When did you last see an Acorn Snake? Do you even know what one is or how to make it? I recently realised that very few people seemed to know about this ancient toy, so here it is.
Picture from the Royal Mint
On her first morning at Northanger Abbey, Catherine Morland came down to breakfast, Henry Tilney was already there, in order to prevent him teasing her about her fears of the night before she changes the subject by looking at some flowers.
“What beautiful hyacinths! I have just learnt to love a hyacinth.”
“And how might you learn? By accident or argument?”
“Your sister taught me; I cannot tell how. Mrs. Allen used to take pains, year after year, to make me like them; but I never could, till I saw them the other day in Milsom Street; I am naturally indifferent about flowers.”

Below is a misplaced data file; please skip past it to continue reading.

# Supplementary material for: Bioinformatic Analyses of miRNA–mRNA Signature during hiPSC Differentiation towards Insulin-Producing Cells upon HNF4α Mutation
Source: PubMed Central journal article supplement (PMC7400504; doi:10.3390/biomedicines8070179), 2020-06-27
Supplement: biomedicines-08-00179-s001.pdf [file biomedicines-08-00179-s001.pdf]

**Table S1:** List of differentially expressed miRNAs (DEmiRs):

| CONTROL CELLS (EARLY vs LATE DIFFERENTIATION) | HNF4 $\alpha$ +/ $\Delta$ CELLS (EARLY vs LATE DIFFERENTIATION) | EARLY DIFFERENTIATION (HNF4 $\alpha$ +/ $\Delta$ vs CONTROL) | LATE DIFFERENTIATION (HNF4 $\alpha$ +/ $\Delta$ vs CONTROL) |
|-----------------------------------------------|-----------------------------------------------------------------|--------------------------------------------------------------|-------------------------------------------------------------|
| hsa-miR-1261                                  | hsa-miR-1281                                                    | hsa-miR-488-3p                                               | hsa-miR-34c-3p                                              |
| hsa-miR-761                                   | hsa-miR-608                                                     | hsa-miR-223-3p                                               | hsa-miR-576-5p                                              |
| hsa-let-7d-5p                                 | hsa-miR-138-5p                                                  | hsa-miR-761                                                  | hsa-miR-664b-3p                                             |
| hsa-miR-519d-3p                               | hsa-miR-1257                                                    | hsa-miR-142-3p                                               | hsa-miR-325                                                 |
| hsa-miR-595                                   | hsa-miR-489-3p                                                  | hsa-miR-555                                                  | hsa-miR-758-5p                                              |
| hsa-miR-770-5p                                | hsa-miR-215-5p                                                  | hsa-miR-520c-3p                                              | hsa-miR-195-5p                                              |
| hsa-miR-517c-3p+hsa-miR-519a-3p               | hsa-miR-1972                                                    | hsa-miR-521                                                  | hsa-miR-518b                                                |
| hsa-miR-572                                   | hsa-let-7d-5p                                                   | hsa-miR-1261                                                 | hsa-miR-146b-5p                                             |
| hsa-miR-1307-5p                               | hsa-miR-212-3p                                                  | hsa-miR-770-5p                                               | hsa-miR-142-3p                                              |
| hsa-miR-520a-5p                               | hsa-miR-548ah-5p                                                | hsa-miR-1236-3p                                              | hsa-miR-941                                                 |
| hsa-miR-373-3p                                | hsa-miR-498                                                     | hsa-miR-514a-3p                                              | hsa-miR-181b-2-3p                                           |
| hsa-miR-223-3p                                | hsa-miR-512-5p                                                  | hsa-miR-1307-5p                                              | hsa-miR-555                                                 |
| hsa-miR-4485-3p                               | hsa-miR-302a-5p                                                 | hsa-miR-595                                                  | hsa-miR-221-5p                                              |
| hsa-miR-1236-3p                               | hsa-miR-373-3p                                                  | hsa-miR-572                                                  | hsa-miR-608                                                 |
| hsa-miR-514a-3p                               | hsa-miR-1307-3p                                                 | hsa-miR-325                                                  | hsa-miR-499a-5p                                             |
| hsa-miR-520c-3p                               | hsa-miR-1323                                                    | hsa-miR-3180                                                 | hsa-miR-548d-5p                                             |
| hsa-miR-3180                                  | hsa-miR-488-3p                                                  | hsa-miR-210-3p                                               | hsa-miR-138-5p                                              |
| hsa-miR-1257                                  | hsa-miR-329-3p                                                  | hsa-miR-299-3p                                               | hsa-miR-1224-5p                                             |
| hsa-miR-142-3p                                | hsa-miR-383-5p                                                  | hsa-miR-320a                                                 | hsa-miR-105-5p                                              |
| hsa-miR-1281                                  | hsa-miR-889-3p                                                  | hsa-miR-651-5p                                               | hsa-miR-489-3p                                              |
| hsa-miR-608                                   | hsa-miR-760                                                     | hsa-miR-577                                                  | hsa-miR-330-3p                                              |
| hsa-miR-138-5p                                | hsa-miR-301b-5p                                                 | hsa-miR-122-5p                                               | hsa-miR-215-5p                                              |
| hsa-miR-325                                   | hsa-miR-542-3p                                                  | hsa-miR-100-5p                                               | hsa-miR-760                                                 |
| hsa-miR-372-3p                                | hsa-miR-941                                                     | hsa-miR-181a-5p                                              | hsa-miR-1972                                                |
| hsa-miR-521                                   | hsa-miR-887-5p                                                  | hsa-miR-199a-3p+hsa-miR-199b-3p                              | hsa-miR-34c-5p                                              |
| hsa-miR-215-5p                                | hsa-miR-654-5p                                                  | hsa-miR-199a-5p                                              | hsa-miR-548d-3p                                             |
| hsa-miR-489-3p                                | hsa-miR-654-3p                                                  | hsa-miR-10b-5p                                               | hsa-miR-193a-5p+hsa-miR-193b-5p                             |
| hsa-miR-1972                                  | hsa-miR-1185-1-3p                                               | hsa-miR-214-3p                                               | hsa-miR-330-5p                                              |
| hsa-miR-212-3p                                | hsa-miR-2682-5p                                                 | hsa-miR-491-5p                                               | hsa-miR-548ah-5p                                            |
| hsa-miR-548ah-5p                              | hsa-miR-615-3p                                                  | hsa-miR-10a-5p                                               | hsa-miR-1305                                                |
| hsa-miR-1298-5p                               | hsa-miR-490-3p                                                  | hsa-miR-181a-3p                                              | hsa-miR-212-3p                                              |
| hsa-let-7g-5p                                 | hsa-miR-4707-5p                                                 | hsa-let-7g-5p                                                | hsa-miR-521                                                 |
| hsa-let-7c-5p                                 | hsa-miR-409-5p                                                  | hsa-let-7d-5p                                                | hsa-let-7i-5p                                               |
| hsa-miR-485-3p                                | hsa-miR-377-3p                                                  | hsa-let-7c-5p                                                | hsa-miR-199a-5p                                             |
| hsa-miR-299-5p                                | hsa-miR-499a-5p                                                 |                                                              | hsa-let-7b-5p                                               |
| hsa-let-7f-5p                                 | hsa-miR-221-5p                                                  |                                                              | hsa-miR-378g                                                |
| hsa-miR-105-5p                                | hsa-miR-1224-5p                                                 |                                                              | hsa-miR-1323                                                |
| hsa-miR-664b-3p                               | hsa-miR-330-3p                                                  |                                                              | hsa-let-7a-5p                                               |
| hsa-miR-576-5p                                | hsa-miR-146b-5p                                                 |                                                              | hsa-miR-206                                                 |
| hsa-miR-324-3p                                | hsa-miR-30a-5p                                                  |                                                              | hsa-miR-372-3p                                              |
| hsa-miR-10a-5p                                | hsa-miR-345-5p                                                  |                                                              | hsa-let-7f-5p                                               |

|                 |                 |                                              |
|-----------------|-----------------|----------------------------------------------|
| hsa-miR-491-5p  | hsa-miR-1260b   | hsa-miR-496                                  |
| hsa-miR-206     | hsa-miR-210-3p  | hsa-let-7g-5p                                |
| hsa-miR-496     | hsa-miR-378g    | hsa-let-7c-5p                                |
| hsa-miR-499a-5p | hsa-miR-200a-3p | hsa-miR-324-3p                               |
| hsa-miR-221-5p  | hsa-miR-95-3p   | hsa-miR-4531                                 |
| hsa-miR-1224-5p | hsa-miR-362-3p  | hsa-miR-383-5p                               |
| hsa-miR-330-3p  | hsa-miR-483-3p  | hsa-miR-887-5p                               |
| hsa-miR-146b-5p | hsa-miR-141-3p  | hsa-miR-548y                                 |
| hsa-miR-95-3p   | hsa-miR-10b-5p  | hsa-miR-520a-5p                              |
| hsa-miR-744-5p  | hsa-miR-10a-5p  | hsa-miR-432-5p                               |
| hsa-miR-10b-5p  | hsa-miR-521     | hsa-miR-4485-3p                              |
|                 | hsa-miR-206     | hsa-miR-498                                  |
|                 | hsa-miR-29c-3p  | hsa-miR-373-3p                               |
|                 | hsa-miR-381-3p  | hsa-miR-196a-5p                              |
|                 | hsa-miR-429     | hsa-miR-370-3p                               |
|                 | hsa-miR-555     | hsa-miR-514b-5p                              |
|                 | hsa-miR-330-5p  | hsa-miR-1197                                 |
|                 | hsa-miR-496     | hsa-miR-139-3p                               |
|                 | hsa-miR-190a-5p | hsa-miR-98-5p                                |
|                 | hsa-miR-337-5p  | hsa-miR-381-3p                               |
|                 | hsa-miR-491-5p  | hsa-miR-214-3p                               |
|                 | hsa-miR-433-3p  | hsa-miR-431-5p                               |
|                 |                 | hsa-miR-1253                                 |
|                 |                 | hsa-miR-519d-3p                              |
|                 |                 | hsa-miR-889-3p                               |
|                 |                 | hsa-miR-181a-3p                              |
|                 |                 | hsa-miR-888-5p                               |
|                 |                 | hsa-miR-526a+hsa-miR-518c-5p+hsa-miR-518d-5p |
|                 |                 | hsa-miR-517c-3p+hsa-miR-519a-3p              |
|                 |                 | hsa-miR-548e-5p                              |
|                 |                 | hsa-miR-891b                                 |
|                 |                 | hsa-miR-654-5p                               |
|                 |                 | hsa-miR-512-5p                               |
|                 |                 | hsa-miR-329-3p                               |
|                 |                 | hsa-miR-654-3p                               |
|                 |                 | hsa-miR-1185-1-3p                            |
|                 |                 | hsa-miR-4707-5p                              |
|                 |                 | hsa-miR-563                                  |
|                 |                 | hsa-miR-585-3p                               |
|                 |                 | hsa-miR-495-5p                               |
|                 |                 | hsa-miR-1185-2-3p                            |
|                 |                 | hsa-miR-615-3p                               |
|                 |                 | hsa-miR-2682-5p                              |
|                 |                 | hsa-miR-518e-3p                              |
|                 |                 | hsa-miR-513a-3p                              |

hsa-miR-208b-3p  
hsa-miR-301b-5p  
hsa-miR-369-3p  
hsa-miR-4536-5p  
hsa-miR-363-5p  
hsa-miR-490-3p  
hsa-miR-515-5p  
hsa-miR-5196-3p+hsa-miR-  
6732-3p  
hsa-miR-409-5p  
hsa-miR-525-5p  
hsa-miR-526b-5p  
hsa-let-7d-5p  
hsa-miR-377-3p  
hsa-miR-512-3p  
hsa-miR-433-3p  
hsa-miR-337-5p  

“But now you love a hyacinth. So much the better. You have gained a new source of enjoyment, and it is well to have as many holds upon happiness as possible. Besides, a taste for flowers is always desirable in your sex, as a means of getting you out of doors, and tempting you to more frequent exercise than you would otherwise take. And though the love of a hyacinth may be rather domestic, who can tell, the sentiment once raised, but you may in time come to love a rose?”
Catherine had arrived at Northanger about the middle of March, so the hyacinths were probably not cut flowers, but ones in pots or glasses. Glasses for hyacinths were available at the time, William Cobbett in The English Gardener (1829) advises;
In water-glasses, the hyacinth makes a very agreeable show in the house during the most dismal part of the winter. Get blue glasses, as more congenial to the roots than white ones, fill them with rain water, with a few grains of salt in each, and put in enough water to come up the bulb about the fourth part of an inch. Change the water carefully every week, and place the plants in the lightest and most airy part of the room, or green-house, in which you keep them.